Linked by Thom Holwerda on Wed 7th Mar 2007 22:42 UTC
3D News, GL, DirectX 3Dfx died in the fourth quarter of 2000 and Windows XP came to life a year after. But seven years after, drivers for 3dfx cards still appear. First of all, it is nearly incredible that enthusiast community managed to support an operating system which was still in the works. Secondly - it is incredible that drivers that support both 32- and 64-bit Windows have just came out.
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RE: can anyone tell me...
by jrronimo on Thu 8th Mar 2007 22:28 UTC in reply to "can anyone tell me..."
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3dfx was a pioneer in the 3D add-on card business. And they were a fun company -- they had commercials talking about how their chips could perform so many operations a second and how this could be used to save lives... and instead they play games.

Plus, the Voodoo 2 cards were the first cards to be end-user expandable in terms of parallel...ity (I guess? haha). It's where SLI originally came from: Scan Line Interleave -- the two cards would render every other scanline, thus improving performance by allowing each card to render 'half' the screen. The Voodoo 5 5500 expanded on this idea in a single card (being two processors on one card), with the would-have-been follow up, the Voodoo 5 6000 having 4 processors. (There are some V5 6k's out there, but most have a problem of some sort).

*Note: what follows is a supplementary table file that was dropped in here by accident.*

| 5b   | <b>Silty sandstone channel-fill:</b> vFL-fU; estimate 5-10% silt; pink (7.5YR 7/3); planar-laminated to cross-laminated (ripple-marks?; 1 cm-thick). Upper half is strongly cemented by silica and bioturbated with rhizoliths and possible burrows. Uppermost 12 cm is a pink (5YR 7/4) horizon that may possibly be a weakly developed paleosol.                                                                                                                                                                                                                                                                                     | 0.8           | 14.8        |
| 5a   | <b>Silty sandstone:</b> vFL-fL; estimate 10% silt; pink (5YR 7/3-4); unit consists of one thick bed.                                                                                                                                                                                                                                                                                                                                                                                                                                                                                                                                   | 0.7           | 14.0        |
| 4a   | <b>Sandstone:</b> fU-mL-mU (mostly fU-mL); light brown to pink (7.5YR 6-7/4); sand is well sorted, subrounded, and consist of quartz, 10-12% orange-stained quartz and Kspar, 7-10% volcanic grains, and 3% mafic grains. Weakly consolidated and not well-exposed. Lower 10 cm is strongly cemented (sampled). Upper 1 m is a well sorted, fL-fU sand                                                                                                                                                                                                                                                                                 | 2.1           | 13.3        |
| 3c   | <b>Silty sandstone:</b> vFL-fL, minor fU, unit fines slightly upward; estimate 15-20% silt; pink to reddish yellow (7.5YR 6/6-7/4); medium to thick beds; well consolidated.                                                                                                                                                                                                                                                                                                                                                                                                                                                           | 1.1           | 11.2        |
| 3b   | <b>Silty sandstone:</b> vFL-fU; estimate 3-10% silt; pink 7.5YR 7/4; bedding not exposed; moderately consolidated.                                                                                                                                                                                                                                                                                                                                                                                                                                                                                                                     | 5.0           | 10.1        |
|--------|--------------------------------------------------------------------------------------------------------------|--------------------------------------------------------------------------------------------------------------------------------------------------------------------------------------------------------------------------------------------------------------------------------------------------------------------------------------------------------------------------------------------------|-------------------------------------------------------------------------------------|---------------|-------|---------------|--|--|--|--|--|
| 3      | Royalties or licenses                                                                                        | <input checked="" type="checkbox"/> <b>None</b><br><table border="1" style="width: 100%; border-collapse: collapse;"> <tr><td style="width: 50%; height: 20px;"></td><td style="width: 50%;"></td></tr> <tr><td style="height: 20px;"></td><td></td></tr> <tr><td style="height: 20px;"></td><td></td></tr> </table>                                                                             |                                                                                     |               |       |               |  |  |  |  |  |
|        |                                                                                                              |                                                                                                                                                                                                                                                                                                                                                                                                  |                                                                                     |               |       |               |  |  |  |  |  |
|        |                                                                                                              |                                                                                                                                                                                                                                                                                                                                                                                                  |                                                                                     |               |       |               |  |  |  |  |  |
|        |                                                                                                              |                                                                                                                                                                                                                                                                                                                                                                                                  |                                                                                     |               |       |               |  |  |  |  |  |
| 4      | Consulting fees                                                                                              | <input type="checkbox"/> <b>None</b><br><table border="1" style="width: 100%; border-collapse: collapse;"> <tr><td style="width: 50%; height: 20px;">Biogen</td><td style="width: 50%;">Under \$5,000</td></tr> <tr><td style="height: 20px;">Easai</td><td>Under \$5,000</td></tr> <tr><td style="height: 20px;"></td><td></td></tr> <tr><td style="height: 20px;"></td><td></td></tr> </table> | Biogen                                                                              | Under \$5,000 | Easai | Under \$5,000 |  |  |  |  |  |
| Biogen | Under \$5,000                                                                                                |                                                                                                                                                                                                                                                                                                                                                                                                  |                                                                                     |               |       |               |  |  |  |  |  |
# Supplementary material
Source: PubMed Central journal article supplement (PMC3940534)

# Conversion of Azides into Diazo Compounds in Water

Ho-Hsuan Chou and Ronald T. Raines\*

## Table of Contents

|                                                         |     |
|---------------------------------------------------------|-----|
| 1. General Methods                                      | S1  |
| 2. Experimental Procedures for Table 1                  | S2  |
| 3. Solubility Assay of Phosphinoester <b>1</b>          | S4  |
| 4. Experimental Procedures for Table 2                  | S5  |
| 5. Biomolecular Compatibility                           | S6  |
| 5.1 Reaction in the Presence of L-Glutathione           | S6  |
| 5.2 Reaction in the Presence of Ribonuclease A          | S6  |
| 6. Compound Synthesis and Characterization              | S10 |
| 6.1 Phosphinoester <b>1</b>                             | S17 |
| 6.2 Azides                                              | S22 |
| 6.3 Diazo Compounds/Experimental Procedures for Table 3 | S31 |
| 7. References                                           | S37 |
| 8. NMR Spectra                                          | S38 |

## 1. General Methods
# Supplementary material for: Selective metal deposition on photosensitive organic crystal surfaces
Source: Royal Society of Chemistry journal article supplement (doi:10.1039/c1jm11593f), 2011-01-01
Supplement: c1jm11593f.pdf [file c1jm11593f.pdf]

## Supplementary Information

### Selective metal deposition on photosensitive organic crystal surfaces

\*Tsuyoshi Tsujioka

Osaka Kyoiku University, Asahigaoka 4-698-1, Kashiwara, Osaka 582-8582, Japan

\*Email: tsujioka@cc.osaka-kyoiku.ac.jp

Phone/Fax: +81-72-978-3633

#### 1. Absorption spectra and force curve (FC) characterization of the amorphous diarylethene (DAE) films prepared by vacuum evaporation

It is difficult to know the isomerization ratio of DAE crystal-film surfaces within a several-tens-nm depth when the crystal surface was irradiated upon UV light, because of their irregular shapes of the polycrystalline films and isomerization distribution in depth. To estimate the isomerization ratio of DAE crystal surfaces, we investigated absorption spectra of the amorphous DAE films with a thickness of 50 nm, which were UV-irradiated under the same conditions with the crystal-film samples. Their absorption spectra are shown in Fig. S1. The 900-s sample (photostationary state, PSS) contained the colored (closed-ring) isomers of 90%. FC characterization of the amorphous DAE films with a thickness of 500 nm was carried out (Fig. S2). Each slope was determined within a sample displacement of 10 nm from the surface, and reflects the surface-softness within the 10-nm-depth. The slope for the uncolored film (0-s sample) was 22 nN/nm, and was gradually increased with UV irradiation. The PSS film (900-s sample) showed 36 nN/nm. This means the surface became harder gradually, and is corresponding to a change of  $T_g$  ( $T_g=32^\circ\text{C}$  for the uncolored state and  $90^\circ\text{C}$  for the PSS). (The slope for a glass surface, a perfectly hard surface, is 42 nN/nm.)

As touched on by one of the above posters, their Image Quality (IQ) is /still/ considered some of the best by some people. Their method of Anti-Aliasing was absolutely amazing. The Rotated Grid SuperSampling method employed by them had some of the most amazing 4xFSAA available. That being said, it was also /incredibly/ memory and computationally expensive, so running Counter-Strike (original) at 1024x768 w/ 4xFSAA is... playable, but not amazing, performance-wise.

Really, they were just a cool company. It's hard to say why their cards were so cool.

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